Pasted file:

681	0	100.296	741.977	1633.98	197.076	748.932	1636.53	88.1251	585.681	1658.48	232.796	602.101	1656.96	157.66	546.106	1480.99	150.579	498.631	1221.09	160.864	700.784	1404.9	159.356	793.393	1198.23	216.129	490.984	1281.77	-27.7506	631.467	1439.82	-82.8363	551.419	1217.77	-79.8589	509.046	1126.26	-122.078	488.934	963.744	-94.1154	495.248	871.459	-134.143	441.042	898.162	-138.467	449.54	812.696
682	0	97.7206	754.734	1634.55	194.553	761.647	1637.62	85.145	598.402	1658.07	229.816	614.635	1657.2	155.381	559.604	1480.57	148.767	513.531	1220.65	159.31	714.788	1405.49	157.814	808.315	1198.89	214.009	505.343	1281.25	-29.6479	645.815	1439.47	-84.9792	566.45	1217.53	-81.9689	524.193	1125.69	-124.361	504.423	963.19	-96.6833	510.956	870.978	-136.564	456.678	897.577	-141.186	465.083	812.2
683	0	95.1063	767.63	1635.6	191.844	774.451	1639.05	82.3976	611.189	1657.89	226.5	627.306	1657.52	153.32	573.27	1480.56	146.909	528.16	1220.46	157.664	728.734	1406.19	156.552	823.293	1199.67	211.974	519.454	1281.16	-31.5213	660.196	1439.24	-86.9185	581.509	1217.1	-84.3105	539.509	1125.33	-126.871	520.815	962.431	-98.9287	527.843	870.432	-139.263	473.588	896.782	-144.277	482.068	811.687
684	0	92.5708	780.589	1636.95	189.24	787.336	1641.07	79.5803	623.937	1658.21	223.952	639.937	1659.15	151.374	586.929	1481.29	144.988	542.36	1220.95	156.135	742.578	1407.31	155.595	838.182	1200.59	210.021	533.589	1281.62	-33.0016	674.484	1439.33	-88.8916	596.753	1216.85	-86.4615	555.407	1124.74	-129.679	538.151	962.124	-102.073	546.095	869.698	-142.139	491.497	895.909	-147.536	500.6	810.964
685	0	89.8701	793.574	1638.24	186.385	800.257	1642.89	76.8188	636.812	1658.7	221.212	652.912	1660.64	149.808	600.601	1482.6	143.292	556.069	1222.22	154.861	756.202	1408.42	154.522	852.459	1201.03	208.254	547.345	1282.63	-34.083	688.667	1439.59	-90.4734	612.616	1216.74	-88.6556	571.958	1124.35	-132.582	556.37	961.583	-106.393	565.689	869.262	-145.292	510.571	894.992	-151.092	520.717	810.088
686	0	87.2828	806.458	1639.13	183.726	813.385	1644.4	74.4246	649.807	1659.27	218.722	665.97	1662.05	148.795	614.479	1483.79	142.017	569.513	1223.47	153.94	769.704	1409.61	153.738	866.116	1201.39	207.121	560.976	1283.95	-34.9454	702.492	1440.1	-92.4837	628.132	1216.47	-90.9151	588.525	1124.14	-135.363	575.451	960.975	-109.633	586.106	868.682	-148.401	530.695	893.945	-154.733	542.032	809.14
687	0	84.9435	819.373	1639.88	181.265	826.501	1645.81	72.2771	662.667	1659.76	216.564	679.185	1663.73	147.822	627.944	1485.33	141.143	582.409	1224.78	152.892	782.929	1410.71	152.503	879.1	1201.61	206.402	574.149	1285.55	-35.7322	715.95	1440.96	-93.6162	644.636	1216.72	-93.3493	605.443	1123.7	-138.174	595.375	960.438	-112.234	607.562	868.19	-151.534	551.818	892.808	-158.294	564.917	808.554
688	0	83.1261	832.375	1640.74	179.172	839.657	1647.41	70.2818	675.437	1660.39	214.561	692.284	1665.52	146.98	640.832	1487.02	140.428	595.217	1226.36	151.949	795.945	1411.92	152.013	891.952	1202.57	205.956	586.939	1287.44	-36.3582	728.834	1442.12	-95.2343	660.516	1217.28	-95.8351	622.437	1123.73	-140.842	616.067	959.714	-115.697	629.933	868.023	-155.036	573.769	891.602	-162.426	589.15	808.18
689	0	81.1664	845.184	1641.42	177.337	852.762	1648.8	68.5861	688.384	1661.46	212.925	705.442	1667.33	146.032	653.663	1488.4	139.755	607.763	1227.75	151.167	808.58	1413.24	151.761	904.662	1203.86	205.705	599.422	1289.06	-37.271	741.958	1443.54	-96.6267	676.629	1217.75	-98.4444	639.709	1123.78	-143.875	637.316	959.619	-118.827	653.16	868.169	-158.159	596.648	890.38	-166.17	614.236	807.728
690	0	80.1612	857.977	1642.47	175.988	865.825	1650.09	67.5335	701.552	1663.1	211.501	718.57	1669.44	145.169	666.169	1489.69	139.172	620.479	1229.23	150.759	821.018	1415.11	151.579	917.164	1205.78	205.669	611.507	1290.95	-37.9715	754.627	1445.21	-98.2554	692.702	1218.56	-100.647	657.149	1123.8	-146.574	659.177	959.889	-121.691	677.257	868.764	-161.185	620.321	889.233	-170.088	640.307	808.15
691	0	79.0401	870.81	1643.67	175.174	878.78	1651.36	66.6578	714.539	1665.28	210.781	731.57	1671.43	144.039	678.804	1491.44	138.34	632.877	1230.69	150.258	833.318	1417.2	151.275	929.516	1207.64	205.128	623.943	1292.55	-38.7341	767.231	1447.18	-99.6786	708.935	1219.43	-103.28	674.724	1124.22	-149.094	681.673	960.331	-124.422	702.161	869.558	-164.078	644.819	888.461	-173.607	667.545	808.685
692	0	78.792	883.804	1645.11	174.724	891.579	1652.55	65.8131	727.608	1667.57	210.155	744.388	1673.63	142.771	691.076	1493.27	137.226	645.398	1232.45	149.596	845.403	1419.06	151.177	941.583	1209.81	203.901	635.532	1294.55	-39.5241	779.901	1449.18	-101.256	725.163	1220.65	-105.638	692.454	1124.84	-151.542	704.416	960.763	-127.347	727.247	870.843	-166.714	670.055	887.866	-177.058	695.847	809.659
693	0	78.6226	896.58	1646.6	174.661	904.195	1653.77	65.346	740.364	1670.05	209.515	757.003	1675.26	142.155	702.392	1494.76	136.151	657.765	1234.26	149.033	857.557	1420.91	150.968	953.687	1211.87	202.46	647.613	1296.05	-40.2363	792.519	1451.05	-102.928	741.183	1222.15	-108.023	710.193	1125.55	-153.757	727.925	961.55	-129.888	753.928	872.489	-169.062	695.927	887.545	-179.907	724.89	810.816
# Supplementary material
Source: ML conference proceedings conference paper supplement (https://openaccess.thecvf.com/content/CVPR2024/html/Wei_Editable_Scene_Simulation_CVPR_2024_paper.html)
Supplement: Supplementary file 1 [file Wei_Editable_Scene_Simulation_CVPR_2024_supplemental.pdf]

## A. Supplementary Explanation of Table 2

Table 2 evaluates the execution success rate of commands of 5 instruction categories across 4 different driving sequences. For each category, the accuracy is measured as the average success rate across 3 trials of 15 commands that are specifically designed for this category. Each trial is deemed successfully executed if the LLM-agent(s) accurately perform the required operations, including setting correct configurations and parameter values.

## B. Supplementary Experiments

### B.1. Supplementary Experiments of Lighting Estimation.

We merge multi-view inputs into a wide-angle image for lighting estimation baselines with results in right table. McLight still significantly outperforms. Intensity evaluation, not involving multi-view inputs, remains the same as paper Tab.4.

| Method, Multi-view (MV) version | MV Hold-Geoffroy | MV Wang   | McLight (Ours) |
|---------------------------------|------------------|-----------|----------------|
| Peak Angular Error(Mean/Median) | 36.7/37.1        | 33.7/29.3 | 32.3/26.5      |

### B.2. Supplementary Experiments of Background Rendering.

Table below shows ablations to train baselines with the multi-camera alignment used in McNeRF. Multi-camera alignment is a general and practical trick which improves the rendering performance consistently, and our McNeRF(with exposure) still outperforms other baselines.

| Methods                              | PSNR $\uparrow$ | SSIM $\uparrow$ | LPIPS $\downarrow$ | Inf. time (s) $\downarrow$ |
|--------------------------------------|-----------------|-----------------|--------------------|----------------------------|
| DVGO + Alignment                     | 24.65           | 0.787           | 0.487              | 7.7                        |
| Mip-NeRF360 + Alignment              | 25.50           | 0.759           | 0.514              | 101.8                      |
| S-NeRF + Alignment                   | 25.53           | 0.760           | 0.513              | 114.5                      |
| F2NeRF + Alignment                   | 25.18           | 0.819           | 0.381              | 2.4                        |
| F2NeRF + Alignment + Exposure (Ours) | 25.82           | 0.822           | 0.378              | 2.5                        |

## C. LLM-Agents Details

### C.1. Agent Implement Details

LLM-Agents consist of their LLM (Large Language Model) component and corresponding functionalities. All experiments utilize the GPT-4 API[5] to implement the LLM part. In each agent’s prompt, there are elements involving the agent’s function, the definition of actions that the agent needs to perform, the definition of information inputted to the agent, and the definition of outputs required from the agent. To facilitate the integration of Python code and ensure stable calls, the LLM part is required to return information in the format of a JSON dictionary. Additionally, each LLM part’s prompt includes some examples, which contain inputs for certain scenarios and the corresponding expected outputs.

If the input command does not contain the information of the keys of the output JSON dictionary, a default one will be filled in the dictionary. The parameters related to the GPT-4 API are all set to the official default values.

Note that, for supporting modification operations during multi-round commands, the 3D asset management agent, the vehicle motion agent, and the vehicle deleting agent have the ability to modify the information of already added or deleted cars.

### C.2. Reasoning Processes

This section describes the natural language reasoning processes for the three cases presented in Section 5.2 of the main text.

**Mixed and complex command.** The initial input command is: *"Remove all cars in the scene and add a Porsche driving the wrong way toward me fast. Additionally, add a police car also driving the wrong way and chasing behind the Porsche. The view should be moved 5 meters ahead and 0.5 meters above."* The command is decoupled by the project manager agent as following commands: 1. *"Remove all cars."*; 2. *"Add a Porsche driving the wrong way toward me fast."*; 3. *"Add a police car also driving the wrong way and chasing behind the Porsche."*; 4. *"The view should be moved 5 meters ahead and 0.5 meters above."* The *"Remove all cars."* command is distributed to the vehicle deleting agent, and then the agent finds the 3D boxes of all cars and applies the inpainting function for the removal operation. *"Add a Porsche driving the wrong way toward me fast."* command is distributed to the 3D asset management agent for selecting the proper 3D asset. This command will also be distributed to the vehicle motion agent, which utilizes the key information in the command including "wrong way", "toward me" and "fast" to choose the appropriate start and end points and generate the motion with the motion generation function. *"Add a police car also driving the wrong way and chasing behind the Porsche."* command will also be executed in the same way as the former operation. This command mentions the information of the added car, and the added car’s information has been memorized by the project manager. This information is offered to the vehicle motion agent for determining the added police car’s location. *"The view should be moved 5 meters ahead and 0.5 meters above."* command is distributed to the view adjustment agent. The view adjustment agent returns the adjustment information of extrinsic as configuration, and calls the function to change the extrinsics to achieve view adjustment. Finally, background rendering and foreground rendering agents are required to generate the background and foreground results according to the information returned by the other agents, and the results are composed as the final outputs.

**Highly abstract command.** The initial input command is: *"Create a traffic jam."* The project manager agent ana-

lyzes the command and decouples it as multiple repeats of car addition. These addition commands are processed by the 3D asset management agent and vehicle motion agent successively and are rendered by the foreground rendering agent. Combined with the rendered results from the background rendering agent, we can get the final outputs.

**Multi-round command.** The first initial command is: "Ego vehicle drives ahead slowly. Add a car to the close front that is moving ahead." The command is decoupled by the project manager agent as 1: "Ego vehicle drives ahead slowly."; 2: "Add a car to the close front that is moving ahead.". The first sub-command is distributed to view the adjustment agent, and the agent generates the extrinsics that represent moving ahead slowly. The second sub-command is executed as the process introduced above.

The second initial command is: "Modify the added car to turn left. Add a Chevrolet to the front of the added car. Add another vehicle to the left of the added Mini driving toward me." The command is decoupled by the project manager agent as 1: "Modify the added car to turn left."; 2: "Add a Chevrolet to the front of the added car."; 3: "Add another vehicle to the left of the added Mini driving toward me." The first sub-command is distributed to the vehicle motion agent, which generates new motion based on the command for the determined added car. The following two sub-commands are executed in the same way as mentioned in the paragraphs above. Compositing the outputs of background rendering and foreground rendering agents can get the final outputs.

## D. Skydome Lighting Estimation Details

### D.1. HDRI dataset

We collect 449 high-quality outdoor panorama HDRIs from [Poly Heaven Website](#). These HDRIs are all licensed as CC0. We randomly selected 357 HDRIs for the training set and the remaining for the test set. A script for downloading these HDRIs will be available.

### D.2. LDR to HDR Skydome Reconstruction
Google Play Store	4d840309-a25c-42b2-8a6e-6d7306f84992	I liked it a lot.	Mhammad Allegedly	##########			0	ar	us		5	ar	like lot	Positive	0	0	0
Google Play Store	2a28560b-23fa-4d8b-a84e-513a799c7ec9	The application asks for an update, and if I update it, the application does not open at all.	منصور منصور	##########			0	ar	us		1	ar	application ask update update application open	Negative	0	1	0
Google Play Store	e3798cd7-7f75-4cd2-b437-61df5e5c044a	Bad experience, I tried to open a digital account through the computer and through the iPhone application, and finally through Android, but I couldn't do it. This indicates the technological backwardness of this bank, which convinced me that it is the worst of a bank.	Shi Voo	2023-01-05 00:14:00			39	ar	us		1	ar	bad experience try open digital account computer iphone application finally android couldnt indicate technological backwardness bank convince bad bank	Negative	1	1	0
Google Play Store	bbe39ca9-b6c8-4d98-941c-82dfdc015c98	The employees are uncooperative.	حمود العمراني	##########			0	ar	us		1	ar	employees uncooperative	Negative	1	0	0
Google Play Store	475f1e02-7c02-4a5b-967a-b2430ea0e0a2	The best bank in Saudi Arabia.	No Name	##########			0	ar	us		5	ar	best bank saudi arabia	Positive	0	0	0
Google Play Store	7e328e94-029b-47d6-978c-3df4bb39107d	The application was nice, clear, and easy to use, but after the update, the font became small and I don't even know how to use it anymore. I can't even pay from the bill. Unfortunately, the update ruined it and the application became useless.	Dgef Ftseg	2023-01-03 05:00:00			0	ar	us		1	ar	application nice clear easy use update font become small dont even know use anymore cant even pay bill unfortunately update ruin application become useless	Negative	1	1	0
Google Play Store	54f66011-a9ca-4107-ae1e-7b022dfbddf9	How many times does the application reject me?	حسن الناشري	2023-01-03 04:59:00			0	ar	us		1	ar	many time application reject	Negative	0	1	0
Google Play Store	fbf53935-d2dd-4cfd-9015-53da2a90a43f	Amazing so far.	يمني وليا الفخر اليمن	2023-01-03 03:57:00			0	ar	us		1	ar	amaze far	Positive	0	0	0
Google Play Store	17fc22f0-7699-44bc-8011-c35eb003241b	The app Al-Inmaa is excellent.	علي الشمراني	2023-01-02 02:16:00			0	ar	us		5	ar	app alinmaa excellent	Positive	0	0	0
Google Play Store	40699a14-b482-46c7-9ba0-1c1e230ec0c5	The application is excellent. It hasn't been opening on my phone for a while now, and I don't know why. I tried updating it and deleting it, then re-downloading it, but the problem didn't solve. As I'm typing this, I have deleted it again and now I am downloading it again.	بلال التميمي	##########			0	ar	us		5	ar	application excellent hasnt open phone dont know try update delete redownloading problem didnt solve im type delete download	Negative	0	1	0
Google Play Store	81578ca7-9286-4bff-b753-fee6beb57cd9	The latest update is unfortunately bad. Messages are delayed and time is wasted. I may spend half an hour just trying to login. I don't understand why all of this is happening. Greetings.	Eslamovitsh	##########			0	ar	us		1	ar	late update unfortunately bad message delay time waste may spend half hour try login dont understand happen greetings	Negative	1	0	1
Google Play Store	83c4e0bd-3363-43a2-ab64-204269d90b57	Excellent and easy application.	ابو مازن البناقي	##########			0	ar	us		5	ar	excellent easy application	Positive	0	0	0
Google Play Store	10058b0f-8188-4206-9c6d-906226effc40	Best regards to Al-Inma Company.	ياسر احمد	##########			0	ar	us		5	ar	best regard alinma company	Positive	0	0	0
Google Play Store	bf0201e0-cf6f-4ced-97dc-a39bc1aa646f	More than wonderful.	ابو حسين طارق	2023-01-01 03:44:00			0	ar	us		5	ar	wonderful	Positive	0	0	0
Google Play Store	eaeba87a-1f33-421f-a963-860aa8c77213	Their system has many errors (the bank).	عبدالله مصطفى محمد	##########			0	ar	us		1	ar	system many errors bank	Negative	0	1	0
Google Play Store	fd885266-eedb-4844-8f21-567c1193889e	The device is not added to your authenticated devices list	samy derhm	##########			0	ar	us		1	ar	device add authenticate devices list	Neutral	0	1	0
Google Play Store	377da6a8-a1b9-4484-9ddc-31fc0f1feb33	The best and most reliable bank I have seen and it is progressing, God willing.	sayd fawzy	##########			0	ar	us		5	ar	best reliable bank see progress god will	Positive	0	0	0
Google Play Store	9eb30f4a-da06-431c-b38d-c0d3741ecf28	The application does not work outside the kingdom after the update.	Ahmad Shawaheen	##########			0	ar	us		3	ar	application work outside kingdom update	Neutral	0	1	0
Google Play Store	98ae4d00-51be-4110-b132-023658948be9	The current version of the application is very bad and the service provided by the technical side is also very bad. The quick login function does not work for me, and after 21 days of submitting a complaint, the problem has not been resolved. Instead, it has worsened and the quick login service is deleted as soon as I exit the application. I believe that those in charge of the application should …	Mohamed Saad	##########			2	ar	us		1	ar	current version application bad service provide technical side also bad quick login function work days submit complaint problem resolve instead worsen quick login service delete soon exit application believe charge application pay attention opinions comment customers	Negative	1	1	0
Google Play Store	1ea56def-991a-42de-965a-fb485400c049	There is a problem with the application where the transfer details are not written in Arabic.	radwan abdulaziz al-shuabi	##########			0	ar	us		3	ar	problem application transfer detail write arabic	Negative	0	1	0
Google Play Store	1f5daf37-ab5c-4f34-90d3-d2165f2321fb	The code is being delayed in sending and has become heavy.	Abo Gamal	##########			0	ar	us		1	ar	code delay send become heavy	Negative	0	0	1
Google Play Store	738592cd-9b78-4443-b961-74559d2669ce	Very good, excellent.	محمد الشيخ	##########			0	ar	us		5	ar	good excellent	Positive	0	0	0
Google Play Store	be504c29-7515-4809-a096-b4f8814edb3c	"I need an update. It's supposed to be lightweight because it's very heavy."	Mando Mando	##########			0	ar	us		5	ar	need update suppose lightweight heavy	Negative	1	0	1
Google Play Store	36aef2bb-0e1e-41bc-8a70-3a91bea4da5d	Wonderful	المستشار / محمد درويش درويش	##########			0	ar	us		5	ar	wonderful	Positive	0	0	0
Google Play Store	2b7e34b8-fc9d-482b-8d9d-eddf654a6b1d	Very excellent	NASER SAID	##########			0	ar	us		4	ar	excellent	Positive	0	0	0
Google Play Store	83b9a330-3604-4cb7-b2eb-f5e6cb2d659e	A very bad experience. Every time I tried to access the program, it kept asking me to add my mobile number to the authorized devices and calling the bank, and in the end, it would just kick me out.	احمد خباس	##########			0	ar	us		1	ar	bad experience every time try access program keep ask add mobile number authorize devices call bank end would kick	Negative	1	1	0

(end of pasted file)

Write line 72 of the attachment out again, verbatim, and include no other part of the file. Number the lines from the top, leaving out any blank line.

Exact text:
Google Play Store	be504c29-7515-4809-a096-b4f8814edb3c	"I need an update. It's supposed to be lightweight because it's very heavy."	Mando Mando	##########			0	ar	us		5	ar	need update suppose lightweight heavy	Negative	1	0	1